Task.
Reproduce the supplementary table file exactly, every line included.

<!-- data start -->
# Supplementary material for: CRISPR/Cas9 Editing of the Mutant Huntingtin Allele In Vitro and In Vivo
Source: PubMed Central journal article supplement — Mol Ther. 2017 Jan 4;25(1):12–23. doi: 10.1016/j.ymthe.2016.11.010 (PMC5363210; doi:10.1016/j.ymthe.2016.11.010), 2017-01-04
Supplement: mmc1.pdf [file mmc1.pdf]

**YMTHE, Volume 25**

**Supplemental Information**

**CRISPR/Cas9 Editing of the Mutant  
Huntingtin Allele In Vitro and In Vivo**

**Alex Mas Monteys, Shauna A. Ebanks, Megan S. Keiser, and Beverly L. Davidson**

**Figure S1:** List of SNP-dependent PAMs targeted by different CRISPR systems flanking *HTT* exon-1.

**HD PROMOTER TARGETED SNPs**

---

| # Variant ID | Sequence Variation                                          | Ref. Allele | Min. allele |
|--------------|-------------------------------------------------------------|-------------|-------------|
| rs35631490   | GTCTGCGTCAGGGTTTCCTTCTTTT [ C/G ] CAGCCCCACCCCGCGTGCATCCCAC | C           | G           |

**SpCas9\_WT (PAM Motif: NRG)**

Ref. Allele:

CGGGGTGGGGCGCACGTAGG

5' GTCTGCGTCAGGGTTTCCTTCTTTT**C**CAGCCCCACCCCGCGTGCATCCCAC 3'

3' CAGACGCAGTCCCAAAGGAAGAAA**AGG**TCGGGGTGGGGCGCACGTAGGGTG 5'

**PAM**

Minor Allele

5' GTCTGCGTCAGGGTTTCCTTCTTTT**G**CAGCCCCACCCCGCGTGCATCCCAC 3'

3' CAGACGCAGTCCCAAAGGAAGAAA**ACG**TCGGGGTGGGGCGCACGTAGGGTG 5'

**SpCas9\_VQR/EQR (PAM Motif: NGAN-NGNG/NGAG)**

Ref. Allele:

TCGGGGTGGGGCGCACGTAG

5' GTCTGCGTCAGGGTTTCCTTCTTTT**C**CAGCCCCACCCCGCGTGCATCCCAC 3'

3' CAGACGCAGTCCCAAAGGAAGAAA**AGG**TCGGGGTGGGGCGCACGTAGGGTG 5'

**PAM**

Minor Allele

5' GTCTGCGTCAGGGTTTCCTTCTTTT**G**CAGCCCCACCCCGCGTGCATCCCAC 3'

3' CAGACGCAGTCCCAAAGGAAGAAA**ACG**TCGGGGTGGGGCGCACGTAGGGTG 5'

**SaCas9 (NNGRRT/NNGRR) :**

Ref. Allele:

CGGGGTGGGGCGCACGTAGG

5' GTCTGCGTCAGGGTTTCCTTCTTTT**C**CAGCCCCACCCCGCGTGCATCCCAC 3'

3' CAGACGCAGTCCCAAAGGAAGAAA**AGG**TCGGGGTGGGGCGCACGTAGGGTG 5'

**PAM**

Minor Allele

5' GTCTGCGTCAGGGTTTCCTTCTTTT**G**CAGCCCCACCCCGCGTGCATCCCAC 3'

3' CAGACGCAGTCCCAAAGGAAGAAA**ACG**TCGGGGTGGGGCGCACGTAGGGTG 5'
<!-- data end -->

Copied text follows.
# Supplementary material for: CRISPR/Cas9 Editing of the Mutant Huntingtin Allele In Vitro and In Vivo
Source: PubMed Central journal article supplement — Mol Ther. 2017 Jan 4;25(1):12–23. doi: 10.1016/j.ymthe.2016.11.010 (PMC5363210; doi:10.1016/j.ymthe.2016.11.010), 2017-01-04
Supplement: mmc1.pdf [file mmc1.pdf]

**YMTHE, Volume 25**

**Supplemental Information**

**CRISPR/Cas9 Editing of the Mutant  
Huntingtin Allele In Vitro and In Vivo**

**Alex Mas Monteys, Shauna A. Ebanks, Megan S. Keiser, and Beverly L. Davidson**

**Figure S1:** List of SNP-dependent PAMs targeted by different CRISPR systems flanking *HTT* exon-1.

**HD PROMOTER TARGETED SNPs**

---

| # Variant ID | Sequence Variation                                          | Ref. Allele | Min. allele |
|--------------|-------------------------------------------------------------|-------------|-------------|
| rs35631490   | GTCTGCGTCAGGGTTTCCTTCTTTT [ C/G ] CAGCCCCACCCCGCGTGCATCCCAC | C           | G           |

**SpCas9\_WT (PAM Motif: NRG)**

Ref. Allele:

CGGGGTGGGGCGCACGTAGG

5' GTCTGCGTCAGGGTTTCCTTCTTTT**C**CAGCCCCACCCCGCGTGCATCCCAC 3'

3' CAGACGCAGTCCCAAAGGAAGAAA**AGG**TCGGGGTGGGGCGCACGTAGGGTG 5'

**PAM**

Minor Allele

5' GTCTGCGTCAGGGTTTCCTTCTTTT**G**CAGCCCCACCCCGCGTGCATCCCAC 3'

3' CAGACGCAGTCCCAAAGGAAGAAA**ACG**TCGGGGTGGGGCGCACGTAGGGTG 5'

**SpCas9\_VQR/EQR (PAM Motif: NGAN-NGNG/NGAG)**

Ref. Allele:

TCGGGGTGGGGCGCACGTAG

5' GTCTGCGTCAGGGTTTCCTTCTTTT**C**CAGCCCCACCCCGCGTGCATCCCAC 3'

3' CAGACGCAGTCCCAAAGGAAGAAA**AGG**TCGGGGTGGGGCGCACGTAGGGTG 5'

**PAM**

Minor Allele

5' GTCTGCGTCAGGGTTTCCTTCTTTT**G**CAGCCCCACCCCGCGTGCATCCCAC 3'

3' CAGACGCAGTCCCAAAGGAAGAAA**ACG**TCGGGGTGGGGCGCACGTAGGGTG 5'

**SaCas9 (NNGRRT/NNGRR) :**

Ref. Allele:

CGGGGTGGGGCGCACGTAGG

5' GTCTGCGTCAGGGTTTCCTTCTTTT**C**CAGCCCCACCCCGCGTGCATCCCAC 3'

3' CAGACGCAGTCCCAAAGGAAGAAA**AGG**TCGGGGTGGGGCGCACGTAGGGTG 5'

**PAM**

Minor Allele

5' GTCTGCGTCAGGGTTTCCTTCTTTT**G**CAGCCCCACCCCGCGTGCATCCCAC 3'

3' CAGACGCAGTCCCAAAGGAAGAAA**ACG**TCGGGGTGGGGCGCACGTAGGGTG 5'